All expressions of opinion are subject to change without notice in reaction to shifting market conditions. Data contained herein from third-party providers is obtained from what are considered reliable sources. However, its accuracy, completeness or reliability cannot be guaranteed.
Examples provided are for illustrative purposes only and not intended to be reflective of results you can expect to achieve.
Investing involves risks including loss of principal.
Investment research for thematic stock lists is provided by Charles Schwab Investment Management, Inc. (CSIM). CSIM is an affiliate of Charles Schwab & Co., Inc. ("Schwab"). Both CSIM and Schwab are separate entities and subsidiaries of The Charles Schwab Corporation.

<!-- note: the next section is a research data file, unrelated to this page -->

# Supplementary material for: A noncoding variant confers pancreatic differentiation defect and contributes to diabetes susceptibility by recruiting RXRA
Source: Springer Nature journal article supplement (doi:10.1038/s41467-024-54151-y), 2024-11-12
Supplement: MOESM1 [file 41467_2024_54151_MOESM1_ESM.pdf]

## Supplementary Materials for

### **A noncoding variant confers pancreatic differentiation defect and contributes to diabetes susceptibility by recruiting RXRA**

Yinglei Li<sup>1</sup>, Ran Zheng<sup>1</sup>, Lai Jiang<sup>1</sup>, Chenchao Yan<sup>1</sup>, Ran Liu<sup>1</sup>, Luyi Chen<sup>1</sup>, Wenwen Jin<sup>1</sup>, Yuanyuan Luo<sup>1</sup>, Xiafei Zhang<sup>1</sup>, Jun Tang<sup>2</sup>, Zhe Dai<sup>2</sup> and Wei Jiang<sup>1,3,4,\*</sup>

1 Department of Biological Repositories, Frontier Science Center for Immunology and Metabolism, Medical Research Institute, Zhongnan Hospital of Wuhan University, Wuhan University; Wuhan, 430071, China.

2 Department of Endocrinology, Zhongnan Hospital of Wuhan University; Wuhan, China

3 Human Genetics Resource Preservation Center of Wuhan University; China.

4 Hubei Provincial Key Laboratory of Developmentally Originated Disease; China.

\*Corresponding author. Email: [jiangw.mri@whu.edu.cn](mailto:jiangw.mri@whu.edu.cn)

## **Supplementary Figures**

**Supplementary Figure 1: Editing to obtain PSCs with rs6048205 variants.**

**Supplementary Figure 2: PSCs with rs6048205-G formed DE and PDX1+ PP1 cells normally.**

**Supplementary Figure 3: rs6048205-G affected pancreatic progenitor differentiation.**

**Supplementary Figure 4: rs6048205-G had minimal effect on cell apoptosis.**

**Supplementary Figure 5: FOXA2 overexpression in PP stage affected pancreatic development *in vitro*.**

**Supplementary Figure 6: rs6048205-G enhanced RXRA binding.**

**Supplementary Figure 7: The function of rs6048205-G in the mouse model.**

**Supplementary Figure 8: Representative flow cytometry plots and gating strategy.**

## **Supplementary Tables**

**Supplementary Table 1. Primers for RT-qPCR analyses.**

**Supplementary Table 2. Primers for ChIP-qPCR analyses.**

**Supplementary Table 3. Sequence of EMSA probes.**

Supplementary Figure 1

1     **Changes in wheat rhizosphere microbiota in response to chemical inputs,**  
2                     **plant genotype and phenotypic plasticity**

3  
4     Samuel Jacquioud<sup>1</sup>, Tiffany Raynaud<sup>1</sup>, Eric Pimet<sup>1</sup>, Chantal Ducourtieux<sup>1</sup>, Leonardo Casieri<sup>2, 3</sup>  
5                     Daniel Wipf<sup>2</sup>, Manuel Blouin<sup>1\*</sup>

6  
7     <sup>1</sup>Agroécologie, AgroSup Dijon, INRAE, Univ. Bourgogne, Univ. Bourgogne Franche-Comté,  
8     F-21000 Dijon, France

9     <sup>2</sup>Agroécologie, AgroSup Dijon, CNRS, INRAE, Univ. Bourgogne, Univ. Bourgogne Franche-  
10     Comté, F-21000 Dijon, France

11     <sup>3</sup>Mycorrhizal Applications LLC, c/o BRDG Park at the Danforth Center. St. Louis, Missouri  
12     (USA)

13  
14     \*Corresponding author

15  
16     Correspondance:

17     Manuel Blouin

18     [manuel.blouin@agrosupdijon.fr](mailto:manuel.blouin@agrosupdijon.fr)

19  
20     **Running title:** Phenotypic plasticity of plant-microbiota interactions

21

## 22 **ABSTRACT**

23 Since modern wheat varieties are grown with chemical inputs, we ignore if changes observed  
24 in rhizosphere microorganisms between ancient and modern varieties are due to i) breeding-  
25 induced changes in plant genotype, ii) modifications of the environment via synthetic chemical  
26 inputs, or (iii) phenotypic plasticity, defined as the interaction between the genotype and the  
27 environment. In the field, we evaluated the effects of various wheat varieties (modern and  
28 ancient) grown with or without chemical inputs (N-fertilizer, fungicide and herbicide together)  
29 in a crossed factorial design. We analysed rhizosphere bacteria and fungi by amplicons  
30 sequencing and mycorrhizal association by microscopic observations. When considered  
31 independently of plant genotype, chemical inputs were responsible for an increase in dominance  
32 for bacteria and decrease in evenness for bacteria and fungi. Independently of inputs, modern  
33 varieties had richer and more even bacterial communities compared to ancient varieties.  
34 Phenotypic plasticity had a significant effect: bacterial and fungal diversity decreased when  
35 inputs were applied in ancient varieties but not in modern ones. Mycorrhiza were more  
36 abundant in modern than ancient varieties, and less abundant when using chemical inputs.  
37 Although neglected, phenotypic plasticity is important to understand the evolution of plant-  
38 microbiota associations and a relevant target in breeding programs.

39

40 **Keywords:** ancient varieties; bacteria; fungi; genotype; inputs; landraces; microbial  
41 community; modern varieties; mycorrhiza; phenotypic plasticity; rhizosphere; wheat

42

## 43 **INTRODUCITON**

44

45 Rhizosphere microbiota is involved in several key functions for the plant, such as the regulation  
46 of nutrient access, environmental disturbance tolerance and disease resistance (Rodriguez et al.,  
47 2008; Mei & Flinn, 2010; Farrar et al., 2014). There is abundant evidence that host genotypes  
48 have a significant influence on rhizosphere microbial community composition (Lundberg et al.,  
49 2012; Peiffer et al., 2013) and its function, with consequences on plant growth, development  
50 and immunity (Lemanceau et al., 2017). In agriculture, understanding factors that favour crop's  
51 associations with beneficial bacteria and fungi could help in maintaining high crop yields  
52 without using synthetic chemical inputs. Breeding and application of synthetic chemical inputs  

Thematic stock lists are not intended to be investment advice or a recommendation of any stock. Investing in stocks can be volatile and involves risk, including loss of principal. Consider your individual circumstances prior to investing.0722-2VSB